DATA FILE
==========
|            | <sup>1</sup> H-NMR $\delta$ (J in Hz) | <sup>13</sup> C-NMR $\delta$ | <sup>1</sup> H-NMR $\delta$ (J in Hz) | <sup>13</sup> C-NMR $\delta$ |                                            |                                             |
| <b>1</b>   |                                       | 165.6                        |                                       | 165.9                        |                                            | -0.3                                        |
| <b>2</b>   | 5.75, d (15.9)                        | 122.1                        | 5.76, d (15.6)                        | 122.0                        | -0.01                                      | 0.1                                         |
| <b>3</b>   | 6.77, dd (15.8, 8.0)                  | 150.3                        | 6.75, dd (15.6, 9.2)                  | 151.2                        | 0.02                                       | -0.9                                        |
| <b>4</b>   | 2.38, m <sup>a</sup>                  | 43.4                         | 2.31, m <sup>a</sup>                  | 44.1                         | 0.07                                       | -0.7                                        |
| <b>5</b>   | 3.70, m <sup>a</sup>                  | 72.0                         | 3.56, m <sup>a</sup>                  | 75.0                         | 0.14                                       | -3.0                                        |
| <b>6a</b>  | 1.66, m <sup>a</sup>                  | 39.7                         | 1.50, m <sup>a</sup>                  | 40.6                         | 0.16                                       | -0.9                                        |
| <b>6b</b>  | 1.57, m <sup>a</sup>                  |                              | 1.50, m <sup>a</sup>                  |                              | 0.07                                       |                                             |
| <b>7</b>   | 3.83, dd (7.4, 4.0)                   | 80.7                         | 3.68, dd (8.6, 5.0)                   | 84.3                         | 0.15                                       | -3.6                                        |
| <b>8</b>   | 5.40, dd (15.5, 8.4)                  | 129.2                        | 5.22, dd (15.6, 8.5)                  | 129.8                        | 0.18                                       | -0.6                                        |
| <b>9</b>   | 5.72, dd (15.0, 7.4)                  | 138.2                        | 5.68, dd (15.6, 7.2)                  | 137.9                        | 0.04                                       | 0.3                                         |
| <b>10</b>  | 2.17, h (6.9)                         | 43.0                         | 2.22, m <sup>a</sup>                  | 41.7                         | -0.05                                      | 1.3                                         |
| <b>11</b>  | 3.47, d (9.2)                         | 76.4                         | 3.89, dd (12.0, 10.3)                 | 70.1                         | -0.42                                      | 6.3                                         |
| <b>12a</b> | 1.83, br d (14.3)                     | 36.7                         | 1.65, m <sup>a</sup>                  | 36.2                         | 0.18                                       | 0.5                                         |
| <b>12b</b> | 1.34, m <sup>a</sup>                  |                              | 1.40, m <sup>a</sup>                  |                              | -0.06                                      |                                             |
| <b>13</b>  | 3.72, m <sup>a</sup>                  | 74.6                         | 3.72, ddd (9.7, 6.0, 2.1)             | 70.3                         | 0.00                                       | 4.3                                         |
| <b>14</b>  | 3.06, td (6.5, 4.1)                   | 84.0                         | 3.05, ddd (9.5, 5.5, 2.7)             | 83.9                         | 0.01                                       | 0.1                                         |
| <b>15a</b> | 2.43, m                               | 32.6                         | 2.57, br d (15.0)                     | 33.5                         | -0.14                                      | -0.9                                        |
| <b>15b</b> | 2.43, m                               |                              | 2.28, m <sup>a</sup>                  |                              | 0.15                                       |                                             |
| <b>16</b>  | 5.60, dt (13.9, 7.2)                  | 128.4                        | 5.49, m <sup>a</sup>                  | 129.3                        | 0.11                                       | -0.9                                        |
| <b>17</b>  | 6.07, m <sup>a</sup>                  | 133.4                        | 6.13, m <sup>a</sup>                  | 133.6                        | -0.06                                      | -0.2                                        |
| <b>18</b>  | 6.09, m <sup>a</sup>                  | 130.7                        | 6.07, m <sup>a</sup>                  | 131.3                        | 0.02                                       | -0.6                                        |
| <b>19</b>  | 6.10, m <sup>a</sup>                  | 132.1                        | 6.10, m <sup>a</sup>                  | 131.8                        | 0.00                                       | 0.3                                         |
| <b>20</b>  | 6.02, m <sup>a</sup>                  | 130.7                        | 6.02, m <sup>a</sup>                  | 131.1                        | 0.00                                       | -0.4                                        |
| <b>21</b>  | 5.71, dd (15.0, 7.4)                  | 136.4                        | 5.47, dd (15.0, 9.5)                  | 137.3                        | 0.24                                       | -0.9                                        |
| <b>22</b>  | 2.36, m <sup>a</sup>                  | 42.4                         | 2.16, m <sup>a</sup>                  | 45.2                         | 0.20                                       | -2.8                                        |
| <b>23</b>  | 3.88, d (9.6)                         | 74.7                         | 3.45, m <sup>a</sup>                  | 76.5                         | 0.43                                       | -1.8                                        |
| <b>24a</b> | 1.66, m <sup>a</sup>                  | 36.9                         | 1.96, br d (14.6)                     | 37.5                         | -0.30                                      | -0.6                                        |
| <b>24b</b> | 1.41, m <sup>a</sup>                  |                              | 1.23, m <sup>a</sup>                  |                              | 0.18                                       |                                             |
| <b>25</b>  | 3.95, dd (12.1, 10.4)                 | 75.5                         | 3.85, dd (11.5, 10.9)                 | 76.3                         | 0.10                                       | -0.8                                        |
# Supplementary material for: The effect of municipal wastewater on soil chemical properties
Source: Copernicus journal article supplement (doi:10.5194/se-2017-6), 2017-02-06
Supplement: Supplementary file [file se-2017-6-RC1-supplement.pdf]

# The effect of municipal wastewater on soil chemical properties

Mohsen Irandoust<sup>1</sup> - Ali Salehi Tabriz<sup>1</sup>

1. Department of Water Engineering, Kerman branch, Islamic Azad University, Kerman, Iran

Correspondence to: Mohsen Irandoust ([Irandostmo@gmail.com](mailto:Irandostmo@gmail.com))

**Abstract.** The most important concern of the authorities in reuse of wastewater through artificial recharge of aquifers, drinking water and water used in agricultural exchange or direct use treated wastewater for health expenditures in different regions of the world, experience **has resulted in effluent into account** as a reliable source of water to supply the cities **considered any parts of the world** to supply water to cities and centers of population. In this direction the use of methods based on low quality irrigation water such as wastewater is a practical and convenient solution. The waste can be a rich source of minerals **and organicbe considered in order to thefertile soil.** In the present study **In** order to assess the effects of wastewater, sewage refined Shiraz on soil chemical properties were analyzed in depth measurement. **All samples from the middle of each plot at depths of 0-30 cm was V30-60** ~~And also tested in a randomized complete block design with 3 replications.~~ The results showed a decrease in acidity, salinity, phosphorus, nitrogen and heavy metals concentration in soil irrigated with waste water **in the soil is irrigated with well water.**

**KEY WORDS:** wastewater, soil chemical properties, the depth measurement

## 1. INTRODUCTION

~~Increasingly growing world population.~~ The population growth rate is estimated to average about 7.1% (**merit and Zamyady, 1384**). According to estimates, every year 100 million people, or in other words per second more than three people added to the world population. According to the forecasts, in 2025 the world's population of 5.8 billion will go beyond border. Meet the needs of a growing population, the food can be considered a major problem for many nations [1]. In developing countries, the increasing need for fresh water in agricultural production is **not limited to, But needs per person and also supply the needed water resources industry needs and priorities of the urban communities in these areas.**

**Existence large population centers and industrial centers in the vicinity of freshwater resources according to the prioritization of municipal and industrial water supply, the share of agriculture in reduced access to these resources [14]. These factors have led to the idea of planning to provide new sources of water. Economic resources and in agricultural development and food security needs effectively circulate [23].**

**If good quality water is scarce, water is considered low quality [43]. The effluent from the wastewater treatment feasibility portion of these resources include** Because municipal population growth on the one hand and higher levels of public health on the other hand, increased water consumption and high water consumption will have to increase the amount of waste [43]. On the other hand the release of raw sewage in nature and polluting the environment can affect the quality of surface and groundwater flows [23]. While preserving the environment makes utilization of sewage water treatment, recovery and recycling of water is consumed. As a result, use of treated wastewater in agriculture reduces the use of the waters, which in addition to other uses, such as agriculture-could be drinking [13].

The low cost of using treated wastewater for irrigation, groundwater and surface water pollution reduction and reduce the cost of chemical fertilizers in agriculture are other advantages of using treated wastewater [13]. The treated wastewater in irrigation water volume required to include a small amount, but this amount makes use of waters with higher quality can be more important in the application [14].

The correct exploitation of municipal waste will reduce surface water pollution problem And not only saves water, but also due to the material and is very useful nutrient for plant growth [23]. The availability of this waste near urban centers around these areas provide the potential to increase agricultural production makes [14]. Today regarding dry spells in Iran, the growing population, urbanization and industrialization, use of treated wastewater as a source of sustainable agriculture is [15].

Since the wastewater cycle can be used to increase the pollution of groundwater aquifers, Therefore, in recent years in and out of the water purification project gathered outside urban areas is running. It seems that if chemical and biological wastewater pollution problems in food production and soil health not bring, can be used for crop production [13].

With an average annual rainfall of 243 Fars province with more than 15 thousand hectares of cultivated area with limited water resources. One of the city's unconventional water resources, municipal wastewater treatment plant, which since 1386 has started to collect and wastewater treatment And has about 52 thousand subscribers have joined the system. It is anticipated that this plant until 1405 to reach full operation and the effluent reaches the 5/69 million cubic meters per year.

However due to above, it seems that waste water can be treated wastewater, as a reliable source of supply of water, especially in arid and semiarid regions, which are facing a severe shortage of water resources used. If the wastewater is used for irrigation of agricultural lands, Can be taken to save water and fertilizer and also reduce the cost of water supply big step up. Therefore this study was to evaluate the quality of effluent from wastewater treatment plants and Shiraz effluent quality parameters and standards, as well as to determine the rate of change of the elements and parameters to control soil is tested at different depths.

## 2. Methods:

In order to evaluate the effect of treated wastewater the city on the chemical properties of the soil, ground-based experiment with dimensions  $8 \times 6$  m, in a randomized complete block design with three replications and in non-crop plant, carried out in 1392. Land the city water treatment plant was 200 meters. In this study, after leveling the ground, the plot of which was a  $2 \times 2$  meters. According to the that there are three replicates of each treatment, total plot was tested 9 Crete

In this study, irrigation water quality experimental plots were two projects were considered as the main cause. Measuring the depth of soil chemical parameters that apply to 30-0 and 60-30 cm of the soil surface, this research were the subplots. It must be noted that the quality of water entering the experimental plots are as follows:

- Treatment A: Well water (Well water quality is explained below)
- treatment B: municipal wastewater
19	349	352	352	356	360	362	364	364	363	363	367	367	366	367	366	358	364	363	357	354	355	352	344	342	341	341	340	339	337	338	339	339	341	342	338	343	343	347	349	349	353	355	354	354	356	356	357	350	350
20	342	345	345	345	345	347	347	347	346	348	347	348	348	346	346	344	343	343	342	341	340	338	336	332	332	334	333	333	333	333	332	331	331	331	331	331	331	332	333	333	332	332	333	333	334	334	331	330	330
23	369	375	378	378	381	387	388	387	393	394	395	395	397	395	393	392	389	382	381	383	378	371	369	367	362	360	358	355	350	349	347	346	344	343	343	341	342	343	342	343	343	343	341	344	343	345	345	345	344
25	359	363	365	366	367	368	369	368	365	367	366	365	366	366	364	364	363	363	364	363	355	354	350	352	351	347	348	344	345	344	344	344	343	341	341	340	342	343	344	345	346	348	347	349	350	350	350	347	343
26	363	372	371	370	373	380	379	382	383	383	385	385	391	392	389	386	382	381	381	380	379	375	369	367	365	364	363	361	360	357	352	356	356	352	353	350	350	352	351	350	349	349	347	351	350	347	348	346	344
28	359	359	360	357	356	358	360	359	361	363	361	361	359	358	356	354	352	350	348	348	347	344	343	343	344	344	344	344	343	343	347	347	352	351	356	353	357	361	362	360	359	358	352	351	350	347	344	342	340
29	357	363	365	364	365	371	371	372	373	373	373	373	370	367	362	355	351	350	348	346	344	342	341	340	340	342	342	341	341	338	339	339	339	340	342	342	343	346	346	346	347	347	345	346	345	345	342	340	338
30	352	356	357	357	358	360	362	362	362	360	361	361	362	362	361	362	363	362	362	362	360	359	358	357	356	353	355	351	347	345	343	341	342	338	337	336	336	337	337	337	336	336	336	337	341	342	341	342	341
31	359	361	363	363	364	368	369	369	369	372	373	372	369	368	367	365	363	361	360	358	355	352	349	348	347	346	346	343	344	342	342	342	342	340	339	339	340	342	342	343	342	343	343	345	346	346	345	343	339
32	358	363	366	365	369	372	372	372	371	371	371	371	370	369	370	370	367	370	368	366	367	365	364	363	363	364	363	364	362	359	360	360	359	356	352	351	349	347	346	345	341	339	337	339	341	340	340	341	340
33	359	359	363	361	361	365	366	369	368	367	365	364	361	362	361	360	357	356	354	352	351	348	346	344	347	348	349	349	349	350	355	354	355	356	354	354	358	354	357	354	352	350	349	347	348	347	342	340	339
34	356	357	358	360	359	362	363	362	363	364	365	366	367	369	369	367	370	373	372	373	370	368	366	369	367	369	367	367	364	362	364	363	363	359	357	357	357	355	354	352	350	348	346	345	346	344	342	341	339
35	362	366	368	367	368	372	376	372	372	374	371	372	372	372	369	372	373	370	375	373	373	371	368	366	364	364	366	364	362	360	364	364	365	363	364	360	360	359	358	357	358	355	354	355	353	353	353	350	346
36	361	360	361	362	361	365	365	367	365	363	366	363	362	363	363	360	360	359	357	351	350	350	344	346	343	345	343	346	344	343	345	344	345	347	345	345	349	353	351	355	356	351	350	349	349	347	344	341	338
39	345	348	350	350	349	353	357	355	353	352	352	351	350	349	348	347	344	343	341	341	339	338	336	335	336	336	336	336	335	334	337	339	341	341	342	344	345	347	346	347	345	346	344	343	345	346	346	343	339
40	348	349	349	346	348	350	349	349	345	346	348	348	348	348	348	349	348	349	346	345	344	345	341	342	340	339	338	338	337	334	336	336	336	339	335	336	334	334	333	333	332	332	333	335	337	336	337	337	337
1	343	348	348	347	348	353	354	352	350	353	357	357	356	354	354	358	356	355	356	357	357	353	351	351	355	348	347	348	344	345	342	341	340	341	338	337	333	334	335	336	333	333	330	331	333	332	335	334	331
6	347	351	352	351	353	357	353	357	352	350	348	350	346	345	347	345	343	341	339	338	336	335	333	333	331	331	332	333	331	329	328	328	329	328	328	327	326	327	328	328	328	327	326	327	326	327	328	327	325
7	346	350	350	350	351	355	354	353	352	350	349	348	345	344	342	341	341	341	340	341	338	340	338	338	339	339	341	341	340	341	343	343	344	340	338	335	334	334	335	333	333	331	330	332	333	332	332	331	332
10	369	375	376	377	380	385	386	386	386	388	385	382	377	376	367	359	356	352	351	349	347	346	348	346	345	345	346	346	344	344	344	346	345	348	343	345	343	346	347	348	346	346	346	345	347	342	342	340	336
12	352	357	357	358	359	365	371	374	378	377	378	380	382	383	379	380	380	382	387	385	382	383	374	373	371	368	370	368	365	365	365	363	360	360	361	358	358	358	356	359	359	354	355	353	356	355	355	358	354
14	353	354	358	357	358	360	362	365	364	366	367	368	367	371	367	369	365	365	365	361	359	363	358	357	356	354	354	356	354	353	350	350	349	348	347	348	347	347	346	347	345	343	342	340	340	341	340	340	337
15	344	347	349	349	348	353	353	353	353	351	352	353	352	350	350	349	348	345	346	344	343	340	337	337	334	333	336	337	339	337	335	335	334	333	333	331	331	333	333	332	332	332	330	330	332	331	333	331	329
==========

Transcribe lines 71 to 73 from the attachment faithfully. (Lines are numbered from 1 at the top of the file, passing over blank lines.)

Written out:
6	347	351	352	351	353	357	353	357	352	350	348	350	346	345	347	345	343	341	339	338	336	335	333	333	331	331	332	333	331	329	328	328	329	328	328	327	326	327	328	328	328	327	326	327	326	327	328	327	325
7	346	350	350	350	351	355	354	353	352	350	349	348	345	344	342	341	341	341	340	341	338	340	338	338	339	339	341	341	340	341	343	343	344	340	338	335	334	334	335	333	333	331	330	332	333	332	332	331	332
10	369	375	376	377	380	385	386	386	386	388	385	382	377	376	367	359	356	352	351	349	347	346	348	346	345	345	346	346	344	344	344	346	345	348	343	345	343	346	347	348	346	346	346	345	347	342	342	340	336